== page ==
loganair: How is McColl's doing at the present time: 1. Is McColl's any good at what it does - Not really 2. Does McColl's generate consistent growth while remaining profitable - No 3. Is McColl's an efficient operator - Not Really 4. Does McColl's have any pricing power - No, the complete opposite is true as it has to reduce prices to compete with the big supermarket groups. Conclusion - At the moment McColl's is a terrible business and is why the share price is currently where it is. Best hope for McColl's is to be able to convert more of their stores into Morrison Daily's and in 18 months time or so to be take over by Morrison's. Will the McColl's share price see 295p again, the price the chairman sold his 10% stake for to the Baltic's richest man - Almost certainly No. If Morrison's makes a play for McColl's at what price do I think they'll make the play for. Best that can be hoped for is 100p + 10p special dividend. The 100p may come in as an all cash offer or maybe all share offer.
cliff edge: Mc Colls margin was 24.99% for H1, scratch cards have a margin of just 5%. it is my understanding that they withdrew scratch cards from sale at the height of the lockdown as they were a non essential purchase so that they could concentrate their efforts on selling food and other higher margin products. The average £10k commission is a make up of all services ie. on line Lotto, Paypoint utility payments, post office, phone top ups & scratch cards etc. the removal of scratch cards for a short period would not have been that detrimental to profits. The current share price is ridiculous for a company that paid down £12 min of debt from just the last 8 weeks of trading in H1 and are unlikely to need to reborrow any of that into H2, & reported on target EBITDA earnings at the half year. current share price represents just over 1 x EBITDA! This will probably be the only retail PLC company in the UK to report increased earnings and lower debt by the year end in 2020, one of the few Covid winners & the current price dosent reflect that, it will rerate.
netcurtains: MATHS EXAMPLES Its worth noting that ALL shares in the entire stock market stand a significant chance of doubling in 2 years not just McColls: BT, ITV, WGB, WEY, TRD - the list covers all shares. AN EXAMPLE: What the investor or trader has to do, is compare risk reward of various companies. For example, TRD - Triad is 83% of a NETNET (its share price is lower than its NAV ). Nav 36p, share price 26p. It has £3.8M in the bank but a market cap of just £4M. "When" it makes a profit the share price often is in range of 70p-80p... Would you say Triad has lower risk and higher reward then McColls? Those are the sort of questions you need to look at. I picked TRD as I know that buywell3 thinks it will fall (and I have shares in it) but I could pick loads of examples - look at ITV or WINcanton there are lots around.... Academics say investors/traders start to lose money when they over concentrate on the ONE SHARE... Make sure you dont get sucked into the McColls black Hole. McColls has to look good RELATIVE to other companies otherwise why bother???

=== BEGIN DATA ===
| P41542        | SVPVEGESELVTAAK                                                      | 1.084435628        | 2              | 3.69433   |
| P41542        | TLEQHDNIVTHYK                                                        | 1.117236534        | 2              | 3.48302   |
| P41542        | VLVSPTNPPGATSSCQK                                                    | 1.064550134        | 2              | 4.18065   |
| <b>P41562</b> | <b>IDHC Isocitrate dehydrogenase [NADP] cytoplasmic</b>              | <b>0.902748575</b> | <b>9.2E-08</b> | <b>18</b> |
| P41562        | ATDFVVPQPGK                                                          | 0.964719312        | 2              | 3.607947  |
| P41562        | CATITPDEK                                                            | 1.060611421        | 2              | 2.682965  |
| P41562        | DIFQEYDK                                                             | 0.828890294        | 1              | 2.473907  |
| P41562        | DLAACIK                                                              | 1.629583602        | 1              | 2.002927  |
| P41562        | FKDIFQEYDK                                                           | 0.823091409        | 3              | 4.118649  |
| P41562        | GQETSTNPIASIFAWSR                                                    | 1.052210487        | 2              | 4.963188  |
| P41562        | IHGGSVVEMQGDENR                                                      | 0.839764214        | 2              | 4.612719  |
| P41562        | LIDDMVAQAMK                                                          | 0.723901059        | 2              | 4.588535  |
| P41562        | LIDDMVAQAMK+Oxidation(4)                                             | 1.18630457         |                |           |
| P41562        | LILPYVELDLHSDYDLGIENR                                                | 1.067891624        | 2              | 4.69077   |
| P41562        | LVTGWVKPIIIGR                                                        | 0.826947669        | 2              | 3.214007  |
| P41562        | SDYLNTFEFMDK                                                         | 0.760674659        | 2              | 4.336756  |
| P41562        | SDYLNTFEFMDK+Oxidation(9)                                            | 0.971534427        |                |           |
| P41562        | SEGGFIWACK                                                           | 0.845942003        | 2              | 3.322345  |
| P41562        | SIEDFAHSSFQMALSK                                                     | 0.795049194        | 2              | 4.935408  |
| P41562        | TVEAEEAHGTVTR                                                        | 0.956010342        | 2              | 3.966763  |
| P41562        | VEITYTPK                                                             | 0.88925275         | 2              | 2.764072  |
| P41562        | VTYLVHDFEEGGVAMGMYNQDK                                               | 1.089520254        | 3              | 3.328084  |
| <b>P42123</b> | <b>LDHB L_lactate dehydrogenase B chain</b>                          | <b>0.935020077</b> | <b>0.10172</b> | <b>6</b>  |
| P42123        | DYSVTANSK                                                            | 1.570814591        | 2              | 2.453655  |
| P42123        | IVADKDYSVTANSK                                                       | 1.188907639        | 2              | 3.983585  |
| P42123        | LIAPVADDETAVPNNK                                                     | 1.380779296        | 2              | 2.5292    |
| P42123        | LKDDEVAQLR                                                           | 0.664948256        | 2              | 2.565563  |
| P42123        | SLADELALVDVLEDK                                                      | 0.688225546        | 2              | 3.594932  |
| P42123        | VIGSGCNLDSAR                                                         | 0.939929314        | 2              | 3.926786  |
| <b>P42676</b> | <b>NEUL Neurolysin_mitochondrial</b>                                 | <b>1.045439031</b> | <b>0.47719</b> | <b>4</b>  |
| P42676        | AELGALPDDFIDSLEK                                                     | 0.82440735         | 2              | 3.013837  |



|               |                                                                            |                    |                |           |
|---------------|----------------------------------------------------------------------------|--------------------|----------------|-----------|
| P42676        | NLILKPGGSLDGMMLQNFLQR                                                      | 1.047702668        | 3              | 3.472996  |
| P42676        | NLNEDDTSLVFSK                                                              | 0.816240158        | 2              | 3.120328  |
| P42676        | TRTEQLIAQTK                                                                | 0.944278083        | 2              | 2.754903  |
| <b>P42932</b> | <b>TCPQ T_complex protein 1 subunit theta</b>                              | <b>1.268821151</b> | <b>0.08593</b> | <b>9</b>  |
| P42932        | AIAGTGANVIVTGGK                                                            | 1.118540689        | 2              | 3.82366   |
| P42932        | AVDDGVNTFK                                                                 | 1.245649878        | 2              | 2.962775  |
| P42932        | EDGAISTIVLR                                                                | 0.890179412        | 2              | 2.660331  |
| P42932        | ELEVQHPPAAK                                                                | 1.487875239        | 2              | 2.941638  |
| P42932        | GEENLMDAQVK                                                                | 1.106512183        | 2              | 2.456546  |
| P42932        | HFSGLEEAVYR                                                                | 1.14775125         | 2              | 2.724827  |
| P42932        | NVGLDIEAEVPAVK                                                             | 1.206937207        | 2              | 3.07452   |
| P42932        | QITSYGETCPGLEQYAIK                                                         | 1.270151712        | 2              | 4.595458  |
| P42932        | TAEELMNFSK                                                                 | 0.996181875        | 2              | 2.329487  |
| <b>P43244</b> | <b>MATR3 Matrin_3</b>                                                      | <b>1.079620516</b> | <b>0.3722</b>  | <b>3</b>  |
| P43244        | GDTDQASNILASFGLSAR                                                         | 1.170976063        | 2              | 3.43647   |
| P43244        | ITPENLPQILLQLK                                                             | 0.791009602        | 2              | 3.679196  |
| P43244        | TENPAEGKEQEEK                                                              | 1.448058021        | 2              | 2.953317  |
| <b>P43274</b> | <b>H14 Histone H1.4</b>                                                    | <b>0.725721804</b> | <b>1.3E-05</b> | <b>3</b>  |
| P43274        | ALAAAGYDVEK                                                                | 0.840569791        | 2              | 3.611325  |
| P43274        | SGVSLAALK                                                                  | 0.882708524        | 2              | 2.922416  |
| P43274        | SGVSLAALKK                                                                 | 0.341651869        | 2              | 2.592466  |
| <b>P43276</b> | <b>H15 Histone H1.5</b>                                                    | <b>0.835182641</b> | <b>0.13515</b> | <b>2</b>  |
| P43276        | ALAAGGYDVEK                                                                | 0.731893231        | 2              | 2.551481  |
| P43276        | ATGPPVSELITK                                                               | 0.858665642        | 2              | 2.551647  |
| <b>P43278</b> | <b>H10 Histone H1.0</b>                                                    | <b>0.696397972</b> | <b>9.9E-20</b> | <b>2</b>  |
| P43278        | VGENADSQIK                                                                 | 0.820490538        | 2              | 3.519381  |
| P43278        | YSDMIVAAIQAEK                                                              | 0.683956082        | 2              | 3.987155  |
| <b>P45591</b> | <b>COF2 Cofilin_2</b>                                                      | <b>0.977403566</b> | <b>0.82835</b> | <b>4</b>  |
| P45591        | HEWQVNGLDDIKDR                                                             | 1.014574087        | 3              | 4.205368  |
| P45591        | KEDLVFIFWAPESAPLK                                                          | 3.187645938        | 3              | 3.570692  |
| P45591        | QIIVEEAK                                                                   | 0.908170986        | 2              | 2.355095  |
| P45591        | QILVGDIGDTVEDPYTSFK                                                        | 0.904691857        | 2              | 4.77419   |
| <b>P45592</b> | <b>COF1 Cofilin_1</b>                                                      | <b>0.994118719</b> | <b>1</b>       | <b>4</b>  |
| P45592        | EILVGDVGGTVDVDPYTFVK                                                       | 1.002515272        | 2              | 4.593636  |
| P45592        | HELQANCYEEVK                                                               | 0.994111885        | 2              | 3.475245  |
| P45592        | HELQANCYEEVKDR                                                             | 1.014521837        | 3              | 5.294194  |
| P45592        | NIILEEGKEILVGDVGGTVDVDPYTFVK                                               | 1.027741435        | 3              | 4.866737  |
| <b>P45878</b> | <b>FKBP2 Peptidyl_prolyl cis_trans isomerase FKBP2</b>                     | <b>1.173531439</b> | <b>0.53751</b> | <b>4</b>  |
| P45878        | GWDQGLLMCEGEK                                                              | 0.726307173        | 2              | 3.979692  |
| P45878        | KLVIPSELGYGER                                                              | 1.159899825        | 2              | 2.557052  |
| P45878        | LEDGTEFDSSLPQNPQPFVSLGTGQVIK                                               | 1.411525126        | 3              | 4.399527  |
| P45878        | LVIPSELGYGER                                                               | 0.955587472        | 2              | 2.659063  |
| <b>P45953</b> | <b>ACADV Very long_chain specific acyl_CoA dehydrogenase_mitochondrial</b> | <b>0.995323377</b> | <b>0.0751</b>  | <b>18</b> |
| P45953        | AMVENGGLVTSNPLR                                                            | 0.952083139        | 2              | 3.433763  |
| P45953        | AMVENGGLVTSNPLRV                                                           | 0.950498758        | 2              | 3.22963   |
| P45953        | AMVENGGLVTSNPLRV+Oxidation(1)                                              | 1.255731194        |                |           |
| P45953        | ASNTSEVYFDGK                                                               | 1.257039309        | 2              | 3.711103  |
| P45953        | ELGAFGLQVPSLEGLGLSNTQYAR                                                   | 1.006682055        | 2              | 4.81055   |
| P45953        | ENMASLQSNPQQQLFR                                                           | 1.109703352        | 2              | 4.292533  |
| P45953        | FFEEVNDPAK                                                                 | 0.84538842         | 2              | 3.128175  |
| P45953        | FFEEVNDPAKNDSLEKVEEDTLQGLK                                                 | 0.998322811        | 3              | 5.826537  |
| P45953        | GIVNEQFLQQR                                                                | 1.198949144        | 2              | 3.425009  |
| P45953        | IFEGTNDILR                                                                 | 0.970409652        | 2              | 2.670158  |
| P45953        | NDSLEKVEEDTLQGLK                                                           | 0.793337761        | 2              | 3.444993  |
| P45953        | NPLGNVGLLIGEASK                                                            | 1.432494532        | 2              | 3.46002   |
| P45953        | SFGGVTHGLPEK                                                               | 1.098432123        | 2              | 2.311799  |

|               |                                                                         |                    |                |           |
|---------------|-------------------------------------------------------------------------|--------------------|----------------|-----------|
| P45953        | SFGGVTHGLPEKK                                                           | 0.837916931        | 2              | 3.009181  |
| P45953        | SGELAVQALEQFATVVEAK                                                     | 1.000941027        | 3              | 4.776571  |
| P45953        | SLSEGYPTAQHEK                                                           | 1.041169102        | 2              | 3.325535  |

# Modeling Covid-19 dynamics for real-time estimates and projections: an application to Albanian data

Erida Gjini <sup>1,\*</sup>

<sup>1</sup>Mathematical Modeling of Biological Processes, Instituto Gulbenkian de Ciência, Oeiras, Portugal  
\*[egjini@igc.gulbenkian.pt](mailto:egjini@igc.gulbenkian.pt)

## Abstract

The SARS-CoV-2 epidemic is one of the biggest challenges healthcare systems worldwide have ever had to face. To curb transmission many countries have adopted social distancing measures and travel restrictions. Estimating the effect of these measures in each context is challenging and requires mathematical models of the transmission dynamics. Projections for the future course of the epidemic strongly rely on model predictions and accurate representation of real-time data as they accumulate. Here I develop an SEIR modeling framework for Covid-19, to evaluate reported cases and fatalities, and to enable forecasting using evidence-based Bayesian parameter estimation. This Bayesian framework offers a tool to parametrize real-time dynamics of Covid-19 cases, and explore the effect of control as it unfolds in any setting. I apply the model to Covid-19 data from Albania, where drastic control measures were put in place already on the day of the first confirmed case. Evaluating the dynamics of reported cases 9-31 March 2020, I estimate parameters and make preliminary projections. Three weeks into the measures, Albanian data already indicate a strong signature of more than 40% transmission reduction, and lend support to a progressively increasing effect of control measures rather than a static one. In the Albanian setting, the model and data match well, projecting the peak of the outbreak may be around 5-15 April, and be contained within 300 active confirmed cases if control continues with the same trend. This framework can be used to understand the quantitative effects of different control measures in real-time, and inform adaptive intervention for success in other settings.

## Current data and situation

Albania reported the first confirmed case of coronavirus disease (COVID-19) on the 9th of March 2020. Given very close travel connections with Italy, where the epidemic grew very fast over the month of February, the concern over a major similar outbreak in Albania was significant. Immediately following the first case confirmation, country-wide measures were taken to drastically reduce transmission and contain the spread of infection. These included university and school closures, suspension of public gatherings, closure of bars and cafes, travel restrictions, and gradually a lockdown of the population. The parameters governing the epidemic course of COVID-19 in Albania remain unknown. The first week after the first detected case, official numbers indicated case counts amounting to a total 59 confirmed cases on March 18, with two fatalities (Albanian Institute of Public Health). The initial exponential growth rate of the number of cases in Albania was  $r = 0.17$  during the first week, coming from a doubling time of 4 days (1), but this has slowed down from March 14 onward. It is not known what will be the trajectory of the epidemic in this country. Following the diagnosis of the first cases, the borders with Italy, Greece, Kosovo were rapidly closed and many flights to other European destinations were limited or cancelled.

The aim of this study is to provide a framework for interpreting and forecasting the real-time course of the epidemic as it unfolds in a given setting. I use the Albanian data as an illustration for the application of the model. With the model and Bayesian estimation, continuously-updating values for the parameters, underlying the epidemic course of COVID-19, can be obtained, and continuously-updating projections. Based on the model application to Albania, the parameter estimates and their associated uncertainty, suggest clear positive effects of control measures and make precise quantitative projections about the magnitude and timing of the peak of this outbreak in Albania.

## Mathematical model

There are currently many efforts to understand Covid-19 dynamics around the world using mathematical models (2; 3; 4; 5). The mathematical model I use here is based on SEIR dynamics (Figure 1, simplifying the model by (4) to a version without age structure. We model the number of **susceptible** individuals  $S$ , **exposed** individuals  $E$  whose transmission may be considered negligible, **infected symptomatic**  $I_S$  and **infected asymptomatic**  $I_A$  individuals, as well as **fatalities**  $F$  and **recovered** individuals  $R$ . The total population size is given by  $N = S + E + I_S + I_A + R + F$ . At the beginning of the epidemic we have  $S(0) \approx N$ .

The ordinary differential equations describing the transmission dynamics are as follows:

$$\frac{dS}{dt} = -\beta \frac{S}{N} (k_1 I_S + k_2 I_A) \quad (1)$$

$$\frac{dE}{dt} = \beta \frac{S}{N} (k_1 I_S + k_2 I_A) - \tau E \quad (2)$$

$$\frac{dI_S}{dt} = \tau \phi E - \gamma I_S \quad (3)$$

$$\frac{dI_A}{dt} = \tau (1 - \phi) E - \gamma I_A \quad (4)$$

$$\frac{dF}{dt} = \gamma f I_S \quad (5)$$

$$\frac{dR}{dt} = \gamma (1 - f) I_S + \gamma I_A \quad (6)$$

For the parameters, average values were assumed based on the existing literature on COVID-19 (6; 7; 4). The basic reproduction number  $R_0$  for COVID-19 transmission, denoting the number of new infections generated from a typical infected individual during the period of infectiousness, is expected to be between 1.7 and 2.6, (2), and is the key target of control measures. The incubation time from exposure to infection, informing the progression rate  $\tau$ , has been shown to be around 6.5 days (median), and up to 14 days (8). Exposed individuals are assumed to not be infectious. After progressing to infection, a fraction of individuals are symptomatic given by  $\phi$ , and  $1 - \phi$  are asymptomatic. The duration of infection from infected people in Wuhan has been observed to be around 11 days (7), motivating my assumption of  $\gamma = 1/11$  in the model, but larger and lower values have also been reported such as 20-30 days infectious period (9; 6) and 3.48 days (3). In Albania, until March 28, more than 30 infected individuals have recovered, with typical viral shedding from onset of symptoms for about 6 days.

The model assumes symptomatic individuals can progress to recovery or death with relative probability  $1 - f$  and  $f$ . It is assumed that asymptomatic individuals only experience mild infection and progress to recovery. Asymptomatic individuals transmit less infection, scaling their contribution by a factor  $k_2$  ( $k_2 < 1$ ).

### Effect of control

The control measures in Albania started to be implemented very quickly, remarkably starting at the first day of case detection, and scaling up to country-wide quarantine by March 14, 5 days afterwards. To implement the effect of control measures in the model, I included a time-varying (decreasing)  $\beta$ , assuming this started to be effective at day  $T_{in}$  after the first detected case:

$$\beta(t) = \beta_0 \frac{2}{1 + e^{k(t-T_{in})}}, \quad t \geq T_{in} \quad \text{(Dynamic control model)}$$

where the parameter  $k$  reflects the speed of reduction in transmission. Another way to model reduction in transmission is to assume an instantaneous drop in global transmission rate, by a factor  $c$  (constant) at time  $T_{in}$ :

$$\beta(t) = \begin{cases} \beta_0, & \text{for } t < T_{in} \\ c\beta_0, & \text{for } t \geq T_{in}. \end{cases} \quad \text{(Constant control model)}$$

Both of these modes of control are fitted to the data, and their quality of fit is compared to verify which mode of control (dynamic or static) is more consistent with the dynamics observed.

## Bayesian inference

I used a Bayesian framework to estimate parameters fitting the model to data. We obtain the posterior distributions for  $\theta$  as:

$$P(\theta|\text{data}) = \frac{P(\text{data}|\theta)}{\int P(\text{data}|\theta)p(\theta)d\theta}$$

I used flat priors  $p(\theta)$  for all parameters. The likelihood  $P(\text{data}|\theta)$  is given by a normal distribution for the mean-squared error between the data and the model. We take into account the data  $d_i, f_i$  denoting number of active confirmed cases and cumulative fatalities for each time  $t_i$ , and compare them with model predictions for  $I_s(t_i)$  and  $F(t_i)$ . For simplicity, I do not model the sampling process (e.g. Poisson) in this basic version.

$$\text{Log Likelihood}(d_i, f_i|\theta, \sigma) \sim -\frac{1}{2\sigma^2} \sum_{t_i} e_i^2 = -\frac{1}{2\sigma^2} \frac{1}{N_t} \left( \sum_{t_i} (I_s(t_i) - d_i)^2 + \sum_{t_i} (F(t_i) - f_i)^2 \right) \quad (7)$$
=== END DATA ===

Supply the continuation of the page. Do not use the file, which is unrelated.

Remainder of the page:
ymaheru: Firstly, Logan's apparent pessimism on H1 results was more accurate than mine or some others' opinions. Good work Logan, and thanks for sharing opinions. I probably held off buying more shares because of some of that. Regarding, SG&A, MCLS DID CUT it by 2.8%, and sales decreased only 1.1%, so even with COVID, things have gone in the right direction, both in sterling terms and as a percentage of revenues. That is GOOD NEWS. See page 11 H1 results. I know people are disappointed with gross margins, BUT LFL sales were up 20% (or 8%) and the sales mix altered: Customers doing food shopping won't pay 90p for a Mars bar; they'll buy a multipack. The proportion of main and top-up shop customers swelled massively (75%, up from 52% of trade), so margin erosion is unavoidable. MCLS have improved gross margins over the years, which is excellent in the grocery market, and they still only slipped 0.5% during COVID. I am disappointed by a slip, but I'm not sure what else could've been done. MCLS would have been vilified if a multipack of Mars bars suddenly rose from £2.75 to £6.30 in an attempt to preserve margins. I'd take a 0.5% gross margin slip if LFL's are up 8.3%. I am expecting a further slip in H2 as the mix won't fully recover, but I also expect LFL's to be up 15%+. LFL's were growing in May and June from April. LFL's GREW as lockdown eased! May's LFL's were HIGHER than April and June higher than May. That may be partly due to the poor summer in 2019 setting a low bar, but I did NOT expect LFL's to be so high after lockdown. It may even be that people noticed the amount of shopping they can do in their McColls and are now using it as a viable alternative to the big grocers. IF that is the case, then well done McColls' management. I'm not just a happy clapper here. I wish they had shown a profit (or at least produced a full pre-IFRS16 income statement) and it would have been great if they'd managed to preserve gross margins, but I still see some good things, and I'm not sure why anyone is saying that SG&A costs increased. They were higher than they may have been, but they decreased. For the above reasons, I haven't sold off any MCLS shares yet However, I am nervous about the declining share price.
Mccoll's Retail share price data is direct from the London Stock Exchange